Touring factories in Shenzhen: Visiting an assembly line, Seeedstudio and a CNC shop

Shenzhen is the geek’s paradise and can be described as an awesome concentration of very different companies, all within an hour cab ride from your hotel. If you ever go there, I highly recommend you to have a look at Ian’s article to get practical informations. Shenzhen is located in the south of China, right next to the border with Hong Kong. I therefore decided to spend my first day in this former British colony to buy myself a nice camera to bring back cool videos of my adventures.

[via]

Touring in Shenzhen video series from Limpkin - [Link]

1 Aug 2014

mysensors]

Learn how to create your own low cost wireless sensors and connect them to the world.

Store your sensor data at home or in our cloud. We provide fancy graphs and other great online tools to help you manage and analyze your sensor data!

mysensors.org – Learn how to create your own low cost wireless sensors - [Link]

 

1 Aug 2014

SDS6062V-oblique-1200-915

by elektor.com:

In a recent press release the Saelig Company Inc have announced that they will be distributing a new 100MHz four-channel benchtop oscilloscope from Owon. The Far-Eastern manufacturers have been building a reputation for quality, low-cost test equipment and the new TDS7102 has a similar spec to the existing four-channel SDS7102 but with the added convenience of a touch-screen user interface.

The scope features 1GSa/s signal capturing on all four channels simultaneously with a 7.6MSa record length and 50,000 wfmSa/s capture rate. The touchscreen makes it more convenient to position and display waveforms and the scope retains control knobs and buttons for conventional operation.

100 MHz Touch-screen Scope from Owon - [Link]

1 Aug 2014

psudig_sch_1-600x423

Bertho posted a digitally controlled PSU design in the forum. He writes:

The design is for 0…30V and 0…3A (90W) controllable at ~1mV and ~0.1mA steps. The actual accuracy is still out for testing and I assume that noise and non-linearity will be a factor to look at when time comes. The basic design allows for 0…42V (max 45V) and (at least) 0…4A, but then all the components should be re-calculated to match such setup. Also, some components need to be voltage matched for a higher input voltage.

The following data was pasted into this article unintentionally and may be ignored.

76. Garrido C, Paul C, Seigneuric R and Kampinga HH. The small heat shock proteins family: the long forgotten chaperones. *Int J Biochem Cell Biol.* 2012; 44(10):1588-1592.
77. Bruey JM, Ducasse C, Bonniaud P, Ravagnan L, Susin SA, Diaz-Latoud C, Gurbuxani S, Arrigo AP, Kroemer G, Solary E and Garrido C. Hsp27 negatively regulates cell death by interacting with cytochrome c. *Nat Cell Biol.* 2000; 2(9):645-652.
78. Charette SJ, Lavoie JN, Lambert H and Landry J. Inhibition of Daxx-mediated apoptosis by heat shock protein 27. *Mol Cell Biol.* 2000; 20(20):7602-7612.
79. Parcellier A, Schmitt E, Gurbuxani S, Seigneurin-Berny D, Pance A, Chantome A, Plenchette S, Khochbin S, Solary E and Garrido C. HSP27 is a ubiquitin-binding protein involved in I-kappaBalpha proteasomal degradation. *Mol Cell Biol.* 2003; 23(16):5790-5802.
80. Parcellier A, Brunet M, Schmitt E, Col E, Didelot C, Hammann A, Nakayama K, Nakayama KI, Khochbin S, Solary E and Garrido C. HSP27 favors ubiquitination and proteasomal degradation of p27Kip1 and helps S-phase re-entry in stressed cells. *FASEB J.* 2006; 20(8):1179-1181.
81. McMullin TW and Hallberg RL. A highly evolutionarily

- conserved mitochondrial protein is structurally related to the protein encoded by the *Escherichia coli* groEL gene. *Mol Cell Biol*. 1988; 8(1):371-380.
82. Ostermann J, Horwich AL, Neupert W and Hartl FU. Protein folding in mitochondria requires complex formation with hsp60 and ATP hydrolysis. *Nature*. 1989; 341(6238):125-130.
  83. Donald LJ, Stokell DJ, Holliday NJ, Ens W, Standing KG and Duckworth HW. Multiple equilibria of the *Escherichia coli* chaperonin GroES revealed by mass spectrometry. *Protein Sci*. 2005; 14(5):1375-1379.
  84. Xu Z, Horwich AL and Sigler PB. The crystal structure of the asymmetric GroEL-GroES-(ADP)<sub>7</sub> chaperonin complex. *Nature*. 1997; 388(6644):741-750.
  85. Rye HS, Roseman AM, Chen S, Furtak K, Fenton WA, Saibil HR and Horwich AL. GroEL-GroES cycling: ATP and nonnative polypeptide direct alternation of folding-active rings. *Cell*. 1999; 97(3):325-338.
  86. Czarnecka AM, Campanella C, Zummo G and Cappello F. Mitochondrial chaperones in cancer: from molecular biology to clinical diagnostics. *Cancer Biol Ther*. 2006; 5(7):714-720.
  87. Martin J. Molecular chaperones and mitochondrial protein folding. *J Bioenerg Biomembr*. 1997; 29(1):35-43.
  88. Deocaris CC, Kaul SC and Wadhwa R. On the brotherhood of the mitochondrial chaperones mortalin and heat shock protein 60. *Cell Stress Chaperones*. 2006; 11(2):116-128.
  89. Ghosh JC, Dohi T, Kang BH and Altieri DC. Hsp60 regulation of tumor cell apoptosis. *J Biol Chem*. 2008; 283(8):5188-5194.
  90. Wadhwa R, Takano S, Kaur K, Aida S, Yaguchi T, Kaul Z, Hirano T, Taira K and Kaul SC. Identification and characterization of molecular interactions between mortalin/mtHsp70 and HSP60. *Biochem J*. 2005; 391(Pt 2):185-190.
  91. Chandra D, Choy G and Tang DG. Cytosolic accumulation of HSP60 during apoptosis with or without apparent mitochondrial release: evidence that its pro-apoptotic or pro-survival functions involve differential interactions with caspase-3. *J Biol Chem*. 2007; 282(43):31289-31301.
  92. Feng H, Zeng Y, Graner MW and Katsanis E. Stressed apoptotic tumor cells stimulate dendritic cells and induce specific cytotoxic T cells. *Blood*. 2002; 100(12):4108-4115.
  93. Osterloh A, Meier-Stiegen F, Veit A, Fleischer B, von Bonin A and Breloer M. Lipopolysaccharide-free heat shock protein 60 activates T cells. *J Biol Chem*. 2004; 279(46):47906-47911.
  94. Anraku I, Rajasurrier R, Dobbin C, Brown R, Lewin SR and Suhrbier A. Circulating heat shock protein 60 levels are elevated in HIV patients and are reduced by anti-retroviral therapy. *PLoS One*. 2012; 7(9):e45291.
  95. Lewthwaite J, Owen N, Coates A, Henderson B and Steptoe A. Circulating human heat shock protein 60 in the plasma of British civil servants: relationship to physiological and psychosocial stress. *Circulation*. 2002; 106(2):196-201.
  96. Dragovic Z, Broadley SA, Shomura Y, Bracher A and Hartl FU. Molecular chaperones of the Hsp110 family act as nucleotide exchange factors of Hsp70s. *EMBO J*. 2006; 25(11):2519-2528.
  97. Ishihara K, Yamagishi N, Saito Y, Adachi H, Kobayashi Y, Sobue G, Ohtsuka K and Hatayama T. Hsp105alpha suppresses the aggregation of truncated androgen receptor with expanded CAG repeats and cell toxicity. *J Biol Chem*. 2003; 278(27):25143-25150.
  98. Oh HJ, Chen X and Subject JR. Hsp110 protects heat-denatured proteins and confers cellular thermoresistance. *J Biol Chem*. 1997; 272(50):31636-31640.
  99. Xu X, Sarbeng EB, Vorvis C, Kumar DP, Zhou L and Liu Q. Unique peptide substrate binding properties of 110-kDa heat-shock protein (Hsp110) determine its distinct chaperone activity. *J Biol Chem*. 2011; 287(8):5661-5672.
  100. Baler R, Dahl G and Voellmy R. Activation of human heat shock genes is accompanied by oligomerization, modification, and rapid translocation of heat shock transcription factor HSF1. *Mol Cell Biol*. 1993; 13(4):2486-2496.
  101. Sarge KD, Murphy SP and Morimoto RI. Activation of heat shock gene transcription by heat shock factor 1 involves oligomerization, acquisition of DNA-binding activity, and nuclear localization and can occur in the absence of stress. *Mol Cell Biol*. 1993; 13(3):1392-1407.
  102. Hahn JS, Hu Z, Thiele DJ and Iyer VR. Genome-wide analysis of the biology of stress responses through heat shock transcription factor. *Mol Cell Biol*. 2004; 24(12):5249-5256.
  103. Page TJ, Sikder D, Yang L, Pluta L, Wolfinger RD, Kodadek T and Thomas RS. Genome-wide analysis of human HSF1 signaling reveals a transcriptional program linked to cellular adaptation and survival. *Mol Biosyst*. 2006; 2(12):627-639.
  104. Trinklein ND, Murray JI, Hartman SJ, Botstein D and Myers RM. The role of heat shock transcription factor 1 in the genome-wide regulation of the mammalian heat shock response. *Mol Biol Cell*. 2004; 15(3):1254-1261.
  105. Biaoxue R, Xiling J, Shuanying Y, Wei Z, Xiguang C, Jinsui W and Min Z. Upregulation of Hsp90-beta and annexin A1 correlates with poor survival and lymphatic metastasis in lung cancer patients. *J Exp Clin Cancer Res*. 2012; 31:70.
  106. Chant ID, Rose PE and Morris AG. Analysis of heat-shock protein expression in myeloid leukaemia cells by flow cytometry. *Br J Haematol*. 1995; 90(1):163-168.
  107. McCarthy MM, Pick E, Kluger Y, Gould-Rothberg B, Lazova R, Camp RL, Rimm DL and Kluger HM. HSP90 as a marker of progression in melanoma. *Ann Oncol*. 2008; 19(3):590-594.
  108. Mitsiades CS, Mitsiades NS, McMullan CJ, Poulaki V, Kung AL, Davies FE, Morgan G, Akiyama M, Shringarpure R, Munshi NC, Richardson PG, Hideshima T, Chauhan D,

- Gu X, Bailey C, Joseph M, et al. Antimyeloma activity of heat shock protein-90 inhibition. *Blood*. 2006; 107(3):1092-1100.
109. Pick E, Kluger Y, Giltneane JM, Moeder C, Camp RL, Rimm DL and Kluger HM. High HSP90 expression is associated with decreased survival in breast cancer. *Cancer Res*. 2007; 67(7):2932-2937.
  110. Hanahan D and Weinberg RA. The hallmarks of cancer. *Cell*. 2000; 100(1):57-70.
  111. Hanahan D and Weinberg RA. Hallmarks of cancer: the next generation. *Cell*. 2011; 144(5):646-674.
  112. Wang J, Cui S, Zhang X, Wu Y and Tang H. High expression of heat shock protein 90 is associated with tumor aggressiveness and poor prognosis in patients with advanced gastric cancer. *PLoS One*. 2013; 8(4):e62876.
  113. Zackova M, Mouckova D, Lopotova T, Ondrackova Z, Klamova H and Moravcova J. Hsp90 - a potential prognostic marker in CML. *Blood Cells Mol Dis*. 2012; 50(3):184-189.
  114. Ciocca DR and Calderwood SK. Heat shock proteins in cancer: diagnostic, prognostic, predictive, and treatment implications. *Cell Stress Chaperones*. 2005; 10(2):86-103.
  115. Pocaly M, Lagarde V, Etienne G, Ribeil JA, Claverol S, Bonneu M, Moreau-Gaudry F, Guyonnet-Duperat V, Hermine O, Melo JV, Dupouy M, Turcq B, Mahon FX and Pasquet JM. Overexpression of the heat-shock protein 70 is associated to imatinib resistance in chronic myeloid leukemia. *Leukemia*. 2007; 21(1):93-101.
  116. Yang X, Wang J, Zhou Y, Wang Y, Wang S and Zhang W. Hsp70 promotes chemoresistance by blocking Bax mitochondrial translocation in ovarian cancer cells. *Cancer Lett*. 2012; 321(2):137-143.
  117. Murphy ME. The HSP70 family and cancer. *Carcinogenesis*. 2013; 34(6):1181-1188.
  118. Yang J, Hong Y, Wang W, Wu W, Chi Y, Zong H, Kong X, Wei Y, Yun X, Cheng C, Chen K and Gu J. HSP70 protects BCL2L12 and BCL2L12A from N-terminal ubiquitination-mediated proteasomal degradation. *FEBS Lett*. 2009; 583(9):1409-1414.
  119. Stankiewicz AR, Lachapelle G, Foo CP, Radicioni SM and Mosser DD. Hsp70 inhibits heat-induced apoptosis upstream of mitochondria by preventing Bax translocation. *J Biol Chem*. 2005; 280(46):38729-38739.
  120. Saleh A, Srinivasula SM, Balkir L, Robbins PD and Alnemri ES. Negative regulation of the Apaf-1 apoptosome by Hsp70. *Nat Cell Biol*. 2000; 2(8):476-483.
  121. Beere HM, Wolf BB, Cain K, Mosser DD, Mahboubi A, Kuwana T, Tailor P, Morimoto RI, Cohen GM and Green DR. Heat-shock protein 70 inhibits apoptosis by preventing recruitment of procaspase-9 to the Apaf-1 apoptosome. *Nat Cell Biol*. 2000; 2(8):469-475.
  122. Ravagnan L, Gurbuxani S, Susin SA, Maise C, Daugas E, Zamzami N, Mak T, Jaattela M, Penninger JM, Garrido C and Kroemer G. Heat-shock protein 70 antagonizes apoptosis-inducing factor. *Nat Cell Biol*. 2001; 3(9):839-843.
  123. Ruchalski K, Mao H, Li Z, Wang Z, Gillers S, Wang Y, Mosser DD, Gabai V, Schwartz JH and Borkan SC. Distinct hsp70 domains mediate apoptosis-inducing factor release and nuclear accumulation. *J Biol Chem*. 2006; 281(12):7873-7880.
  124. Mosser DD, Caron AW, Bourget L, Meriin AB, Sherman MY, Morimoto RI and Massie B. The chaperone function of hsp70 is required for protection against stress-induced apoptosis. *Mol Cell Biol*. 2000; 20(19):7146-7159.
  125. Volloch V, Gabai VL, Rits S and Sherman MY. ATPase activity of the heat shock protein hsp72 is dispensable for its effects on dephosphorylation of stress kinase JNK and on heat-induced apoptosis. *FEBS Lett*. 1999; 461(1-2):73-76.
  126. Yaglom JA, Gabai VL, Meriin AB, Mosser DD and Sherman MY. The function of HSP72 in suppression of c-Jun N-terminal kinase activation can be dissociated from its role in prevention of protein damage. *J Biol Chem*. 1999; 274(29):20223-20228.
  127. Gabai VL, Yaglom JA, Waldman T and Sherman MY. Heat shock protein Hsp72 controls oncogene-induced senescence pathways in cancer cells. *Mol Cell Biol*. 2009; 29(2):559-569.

The design is a dual control-loop where the first stage is a switching PSU which is fed back to assure a 2.5V drop over the secondary analog control stage. The secondary stage is also responsible for the current limiter. The idea here is to reduce the power loss in the BJT (Q4) in the analog stage.

[via]

Digitally controlled bench PSU - [Link]

1 Aug 2014

FAH04K9HY3ZC1CN-600x600

Timofte Andrei wrote this instructable detailing the build of his Arduino home automation system:

For this project I’ve used:
1. An Arduino clone
2. SIM900 GSM SHIELD
3. Relay module
4. 2×16 LCD Display
5. DS18B20 temperature sensor
6. Push button
7. Some Dupont wires
8. A led module (this is optional, if you have a chinese relay module with built in LEDs)
9. Some nuts and bolts to mount everything in place
10. A wooden chopping board or other kind of wooden board for propper display of the components

[via]

Arduino GSM home automation system - [Link]

1 Aug 2014

tube-600x400

Ethan of Protofusion designed and built a stereo vacuum tube amplifier based off of the TubeLab SimpleSE design. [via]

DIY vacuum tube amplifier - [Link]